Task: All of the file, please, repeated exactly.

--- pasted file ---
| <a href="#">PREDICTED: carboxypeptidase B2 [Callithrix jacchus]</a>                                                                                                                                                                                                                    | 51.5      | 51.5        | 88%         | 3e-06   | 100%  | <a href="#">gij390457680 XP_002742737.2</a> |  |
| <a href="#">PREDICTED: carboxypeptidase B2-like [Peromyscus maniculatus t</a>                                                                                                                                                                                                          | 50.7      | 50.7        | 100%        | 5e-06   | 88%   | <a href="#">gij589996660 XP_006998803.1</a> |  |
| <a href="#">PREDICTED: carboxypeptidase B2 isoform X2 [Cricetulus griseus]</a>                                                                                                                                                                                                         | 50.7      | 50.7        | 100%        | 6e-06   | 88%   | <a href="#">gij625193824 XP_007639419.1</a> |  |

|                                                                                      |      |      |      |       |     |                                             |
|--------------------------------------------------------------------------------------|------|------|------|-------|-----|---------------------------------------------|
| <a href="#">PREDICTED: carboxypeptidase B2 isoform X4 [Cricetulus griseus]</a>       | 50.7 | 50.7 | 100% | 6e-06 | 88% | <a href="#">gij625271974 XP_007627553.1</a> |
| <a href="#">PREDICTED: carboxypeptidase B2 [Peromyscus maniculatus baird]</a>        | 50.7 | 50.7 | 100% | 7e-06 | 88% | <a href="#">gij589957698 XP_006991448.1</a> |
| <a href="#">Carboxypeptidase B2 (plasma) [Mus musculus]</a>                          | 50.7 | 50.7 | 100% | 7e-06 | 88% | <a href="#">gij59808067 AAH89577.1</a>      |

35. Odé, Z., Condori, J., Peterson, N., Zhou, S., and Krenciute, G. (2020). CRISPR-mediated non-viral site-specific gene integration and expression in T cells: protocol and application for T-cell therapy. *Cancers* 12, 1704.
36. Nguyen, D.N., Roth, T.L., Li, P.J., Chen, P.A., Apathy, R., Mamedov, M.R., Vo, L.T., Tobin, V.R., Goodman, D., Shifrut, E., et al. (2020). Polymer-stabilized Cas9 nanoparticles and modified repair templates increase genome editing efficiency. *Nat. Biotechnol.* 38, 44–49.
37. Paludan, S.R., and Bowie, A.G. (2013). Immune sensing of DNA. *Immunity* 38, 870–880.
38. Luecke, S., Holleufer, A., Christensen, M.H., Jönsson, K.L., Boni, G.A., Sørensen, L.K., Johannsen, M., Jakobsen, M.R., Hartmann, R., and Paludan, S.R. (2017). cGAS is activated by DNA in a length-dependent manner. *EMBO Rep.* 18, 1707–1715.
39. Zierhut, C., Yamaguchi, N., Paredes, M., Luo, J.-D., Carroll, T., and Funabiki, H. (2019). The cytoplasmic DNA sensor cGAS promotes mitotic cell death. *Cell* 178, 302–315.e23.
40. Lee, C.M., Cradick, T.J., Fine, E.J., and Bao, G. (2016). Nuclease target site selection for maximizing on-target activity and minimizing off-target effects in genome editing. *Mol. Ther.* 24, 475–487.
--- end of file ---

| <a href="#">PREDICTED: carboxypeptidase B2 [Callithrix jacchus]</a>                                                                                                                                                                                                                    | 51.5      | 51.5        | 88%         | 3e-06   | 100%  | <a href="#">gij390457680 XP_002742737.2</a> |  |
| <a href="#">PREDICTED: carboxypeptidase B2-like [Peromyscus maniculatus t</a>                                                                                                                                                                                                          | 50.7      | 50.7        | 100%        | 5e-06   | 88%   | <a href="#">gij589996660 XP_006998803.1</a> |  |
| <a href="#">PREDICTED: carboxypeptidase B2 isoform X2 [Cricetulus griseus]</a>                                                                                                                                                                                                         | 50.7      | 50.7        | 100%        | 6e-06   | 88%   | <a href="#">gij625193824 XP_007639419.1</a> |  |

|                                                                                      |      |      |      |       |     |                                             |
|--------------------------------------------------------------------------------------|------|------|------|-------|-----|---------------------------------------------|
| <a href="#">PREDICTED: carboxypeptidase B2 isoform X4 [Cricetulus griseus]</a>       | 50.7 | 50.7 | 100% | 6e-06 | 88% | <a href="#">gij625271974 XP_007627553.1</a> |
| <a href="#">PREDICTED: carboxypeptidase B2 [Peromyscus maniculatus baird]</a>        | 50.7 | 50.7 | 100% | 7e-06 | 88% | <a href="#">gij589957698 XP_006991448.1</a> |
| <a href="#">Carboxypeptidase B2 (plasma) [Mus musculus]</a>                          | 50.7 | 50.7 | 100% | 7e-06 | 88% | <a href="#">gij59808067 AAH89577.1</a>      |

35. Odé, Z., Condori, J., Peterson, N., Zhou, S., and Krenciute, G. (2020). CRISPR-mediated non-viral site-specific gene integration and expression in T cells: protocol and application for T-cell therapy. *Cancers* 12, 1704.
36. Nguyen, D.N., Roth, T.L., Li, P.J., Chen, P.A., Apathy, R., Mamedov, M.R., Vo, L.T., Tobin, V.R., Goodman, D., Shifrut, E., et al. (2020). Polymer-stabilized Cas9 nanoparticles and modified repair templates increase genome editing efficiency. *Nat. Biotechnol.* 38, 44–49.
37. Paludan, S.R., and Bowie, A.G. (2013). Immune sensing of DNA. *Immunity* 38, 870–880.
38. Luecke, S., Holleufer, A., Christensen, M.H., Jönsson, K.L., Boni, G.A., Sørensen, L.K., Johannsen, M., Jakobsen, M.R., Hartmann, R., and Paludan, S.R. (2017). cGAS is activated by DNA in a length-dependent manner. *EMBO Rep.* 18, 1707–1715.
39. Zierhut, C., Yamaguchi, N., Paredes, M., Luo, J.-D., Carroll, T., and Funabiki, H. (2019). The cytoplasmic DNA sensor cGAS promotes mitotic cell death. *Cell* 178, 302–315.e23.
40. Lee, C.M., Cradick, T.J., Fine, E.J., and Bao, G. (2016). Nuclease target site selection for maximizing on-target activity and minimizing off-target effects in genome editing. *Mol. Ther.* 24, 475–487.